Pious Practice and Secular Constraints: Women in the Islamic Revival in Europe
by Jeanette S. Jouili
Stanford University Press
Paperback / 272 pages / 2015
ISBN: 9780804794664


References

Asad, Talal. Formations of the Secular: Christianity, Islam, Modernity. (Stanford, California: Stanford University Press, 2003).

Barth, Fredrik W. Political Leadership Among Swat Pathans. London: (LSE Monographs on Social Anthropology, 1959).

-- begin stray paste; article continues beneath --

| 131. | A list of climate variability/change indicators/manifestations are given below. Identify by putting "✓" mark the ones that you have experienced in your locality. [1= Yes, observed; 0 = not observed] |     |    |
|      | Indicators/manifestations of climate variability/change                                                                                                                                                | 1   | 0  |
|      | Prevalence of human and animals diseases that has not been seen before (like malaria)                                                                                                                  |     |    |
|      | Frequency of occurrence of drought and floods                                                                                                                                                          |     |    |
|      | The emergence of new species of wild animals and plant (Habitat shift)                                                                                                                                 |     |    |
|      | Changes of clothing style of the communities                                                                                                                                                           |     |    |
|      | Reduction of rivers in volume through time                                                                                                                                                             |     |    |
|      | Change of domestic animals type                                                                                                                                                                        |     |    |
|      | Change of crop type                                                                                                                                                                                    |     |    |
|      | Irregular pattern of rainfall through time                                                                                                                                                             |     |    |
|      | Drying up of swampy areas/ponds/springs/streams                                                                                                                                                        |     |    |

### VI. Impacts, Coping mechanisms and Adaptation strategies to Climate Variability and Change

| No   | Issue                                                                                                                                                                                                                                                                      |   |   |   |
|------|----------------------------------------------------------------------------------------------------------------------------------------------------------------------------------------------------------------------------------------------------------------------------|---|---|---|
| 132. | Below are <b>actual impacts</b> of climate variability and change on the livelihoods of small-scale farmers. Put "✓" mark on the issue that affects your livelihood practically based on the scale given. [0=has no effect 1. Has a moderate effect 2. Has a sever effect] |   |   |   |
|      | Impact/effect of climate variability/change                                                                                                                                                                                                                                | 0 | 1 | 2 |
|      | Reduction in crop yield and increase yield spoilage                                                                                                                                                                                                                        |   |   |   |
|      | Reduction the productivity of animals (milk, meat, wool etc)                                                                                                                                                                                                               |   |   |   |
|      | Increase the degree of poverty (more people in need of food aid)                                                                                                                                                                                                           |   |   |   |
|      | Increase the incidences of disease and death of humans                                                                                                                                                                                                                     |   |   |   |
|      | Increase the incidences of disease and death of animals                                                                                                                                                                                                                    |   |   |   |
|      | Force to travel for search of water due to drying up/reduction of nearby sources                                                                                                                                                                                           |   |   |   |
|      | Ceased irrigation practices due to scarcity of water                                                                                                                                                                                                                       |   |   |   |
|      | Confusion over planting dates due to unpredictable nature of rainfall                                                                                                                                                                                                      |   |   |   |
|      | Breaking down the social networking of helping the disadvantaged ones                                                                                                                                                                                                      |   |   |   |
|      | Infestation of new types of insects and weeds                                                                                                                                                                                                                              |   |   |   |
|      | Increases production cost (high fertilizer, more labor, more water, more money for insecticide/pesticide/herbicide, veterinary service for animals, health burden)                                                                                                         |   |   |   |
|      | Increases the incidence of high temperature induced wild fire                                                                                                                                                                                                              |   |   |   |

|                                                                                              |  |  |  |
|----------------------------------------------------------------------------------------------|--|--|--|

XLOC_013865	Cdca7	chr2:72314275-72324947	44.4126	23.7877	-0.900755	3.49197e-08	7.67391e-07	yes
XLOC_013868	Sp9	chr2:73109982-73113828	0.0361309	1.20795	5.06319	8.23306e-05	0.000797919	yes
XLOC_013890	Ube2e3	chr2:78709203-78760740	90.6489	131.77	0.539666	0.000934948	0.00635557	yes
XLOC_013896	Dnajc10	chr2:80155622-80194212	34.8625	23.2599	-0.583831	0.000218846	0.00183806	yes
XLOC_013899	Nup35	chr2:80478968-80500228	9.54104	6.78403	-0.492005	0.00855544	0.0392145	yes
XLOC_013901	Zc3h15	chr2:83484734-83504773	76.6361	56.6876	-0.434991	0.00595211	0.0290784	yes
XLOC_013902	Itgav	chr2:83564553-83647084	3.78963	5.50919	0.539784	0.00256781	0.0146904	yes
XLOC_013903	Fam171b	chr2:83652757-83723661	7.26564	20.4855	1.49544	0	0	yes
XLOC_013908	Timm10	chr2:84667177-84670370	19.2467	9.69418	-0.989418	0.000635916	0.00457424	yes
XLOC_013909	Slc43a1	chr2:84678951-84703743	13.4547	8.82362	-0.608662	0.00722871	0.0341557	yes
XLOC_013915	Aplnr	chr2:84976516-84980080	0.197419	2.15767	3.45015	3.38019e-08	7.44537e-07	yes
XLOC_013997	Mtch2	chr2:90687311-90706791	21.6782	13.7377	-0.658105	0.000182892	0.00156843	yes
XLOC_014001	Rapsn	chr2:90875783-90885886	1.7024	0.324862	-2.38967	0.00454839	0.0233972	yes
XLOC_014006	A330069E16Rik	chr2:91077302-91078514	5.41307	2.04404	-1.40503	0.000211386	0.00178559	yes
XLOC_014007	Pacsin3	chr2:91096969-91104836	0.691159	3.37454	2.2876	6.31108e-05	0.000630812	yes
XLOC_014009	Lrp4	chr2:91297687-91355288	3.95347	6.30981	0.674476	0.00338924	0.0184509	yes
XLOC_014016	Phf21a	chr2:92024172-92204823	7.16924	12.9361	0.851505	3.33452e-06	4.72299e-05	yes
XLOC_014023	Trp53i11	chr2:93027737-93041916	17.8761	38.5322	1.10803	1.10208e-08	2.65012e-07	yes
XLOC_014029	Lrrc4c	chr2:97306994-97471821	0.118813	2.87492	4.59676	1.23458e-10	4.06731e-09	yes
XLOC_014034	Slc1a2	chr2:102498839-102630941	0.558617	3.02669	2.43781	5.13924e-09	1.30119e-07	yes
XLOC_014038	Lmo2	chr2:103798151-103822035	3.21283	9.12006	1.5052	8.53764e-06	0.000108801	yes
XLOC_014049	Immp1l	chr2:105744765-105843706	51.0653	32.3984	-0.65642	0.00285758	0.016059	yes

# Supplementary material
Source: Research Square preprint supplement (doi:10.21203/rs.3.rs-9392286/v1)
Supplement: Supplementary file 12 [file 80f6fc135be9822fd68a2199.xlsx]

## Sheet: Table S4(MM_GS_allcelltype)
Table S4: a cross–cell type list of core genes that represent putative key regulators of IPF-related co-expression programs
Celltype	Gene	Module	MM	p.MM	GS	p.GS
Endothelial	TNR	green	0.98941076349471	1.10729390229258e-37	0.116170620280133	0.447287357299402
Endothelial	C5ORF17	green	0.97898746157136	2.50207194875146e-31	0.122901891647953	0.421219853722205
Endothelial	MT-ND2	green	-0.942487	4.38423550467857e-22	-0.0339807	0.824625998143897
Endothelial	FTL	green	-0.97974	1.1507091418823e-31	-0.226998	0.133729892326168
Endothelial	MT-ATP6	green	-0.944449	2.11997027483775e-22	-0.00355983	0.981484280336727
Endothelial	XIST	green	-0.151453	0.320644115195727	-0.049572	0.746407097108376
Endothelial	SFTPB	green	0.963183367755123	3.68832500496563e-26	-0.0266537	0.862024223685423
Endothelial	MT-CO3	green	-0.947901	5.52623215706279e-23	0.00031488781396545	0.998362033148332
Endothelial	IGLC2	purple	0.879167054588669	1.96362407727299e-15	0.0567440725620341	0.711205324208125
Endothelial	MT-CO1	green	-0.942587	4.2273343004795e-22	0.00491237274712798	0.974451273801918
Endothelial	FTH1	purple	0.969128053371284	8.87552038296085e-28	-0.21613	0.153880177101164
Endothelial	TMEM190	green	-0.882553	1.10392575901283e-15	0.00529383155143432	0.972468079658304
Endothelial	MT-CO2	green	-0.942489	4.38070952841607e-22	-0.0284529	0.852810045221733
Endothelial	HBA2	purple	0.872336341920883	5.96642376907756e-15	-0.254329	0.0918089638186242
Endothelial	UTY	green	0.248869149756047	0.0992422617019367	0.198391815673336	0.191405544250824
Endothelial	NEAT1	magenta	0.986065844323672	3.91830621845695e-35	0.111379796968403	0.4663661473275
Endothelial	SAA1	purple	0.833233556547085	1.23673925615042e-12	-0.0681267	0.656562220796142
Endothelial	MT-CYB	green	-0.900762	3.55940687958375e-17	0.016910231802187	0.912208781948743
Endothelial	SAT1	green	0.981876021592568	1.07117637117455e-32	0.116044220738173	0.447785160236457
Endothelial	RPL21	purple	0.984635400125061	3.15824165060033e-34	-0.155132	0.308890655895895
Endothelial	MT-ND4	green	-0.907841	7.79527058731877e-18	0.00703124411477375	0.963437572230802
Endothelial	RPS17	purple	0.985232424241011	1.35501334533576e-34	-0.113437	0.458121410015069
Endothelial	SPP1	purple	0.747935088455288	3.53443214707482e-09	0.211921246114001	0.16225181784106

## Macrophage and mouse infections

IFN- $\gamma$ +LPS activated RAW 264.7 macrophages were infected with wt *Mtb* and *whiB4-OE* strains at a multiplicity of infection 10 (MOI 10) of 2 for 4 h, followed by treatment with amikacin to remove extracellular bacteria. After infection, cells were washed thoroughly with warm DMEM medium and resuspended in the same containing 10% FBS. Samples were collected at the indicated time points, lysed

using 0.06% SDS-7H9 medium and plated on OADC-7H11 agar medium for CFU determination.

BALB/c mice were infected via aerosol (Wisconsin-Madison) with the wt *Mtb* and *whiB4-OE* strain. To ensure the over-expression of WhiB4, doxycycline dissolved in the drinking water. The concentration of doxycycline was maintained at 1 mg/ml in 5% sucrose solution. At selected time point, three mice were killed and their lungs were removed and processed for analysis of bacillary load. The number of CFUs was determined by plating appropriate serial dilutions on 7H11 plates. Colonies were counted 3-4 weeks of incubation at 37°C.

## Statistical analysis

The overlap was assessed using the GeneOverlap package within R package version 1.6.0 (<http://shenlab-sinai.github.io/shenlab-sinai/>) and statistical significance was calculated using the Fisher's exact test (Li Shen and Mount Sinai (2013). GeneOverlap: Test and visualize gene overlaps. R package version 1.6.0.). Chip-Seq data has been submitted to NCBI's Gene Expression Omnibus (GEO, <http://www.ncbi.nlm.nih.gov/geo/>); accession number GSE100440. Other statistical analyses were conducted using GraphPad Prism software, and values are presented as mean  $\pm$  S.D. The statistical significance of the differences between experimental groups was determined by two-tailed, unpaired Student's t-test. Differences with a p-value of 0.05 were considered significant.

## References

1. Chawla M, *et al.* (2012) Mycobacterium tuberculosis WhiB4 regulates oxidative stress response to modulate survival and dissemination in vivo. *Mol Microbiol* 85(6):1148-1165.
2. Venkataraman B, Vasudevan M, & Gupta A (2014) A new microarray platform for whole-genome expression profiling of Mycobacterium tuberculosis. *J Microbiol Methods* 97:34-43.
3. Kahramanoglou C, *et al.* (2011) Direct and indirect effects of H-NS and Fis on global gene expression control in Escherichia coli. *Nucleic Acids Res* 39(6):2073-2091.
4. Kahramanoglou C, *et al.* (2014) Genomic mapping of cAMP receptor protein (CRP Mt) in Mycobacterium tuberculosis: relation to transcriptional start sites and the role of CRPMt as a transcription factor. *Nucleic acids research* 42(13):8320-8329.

Bowen, John R. Can Islam Be French? Pluralism and Pragmatism in a Secularist State. (Princeton, New Jersey: Princeton University Press, 2010).

Browers, Michelle L. Political Ideology in the Arab World: Accommodation and Transformation. (New York and Cambridge, UK: Cambridge University Press, 2009).

Mahmood, Saba. Politics of Piety: The Islamic Revival and the Feminist Subject. (Princeton, New Jersey: Princeton University Press, 2005).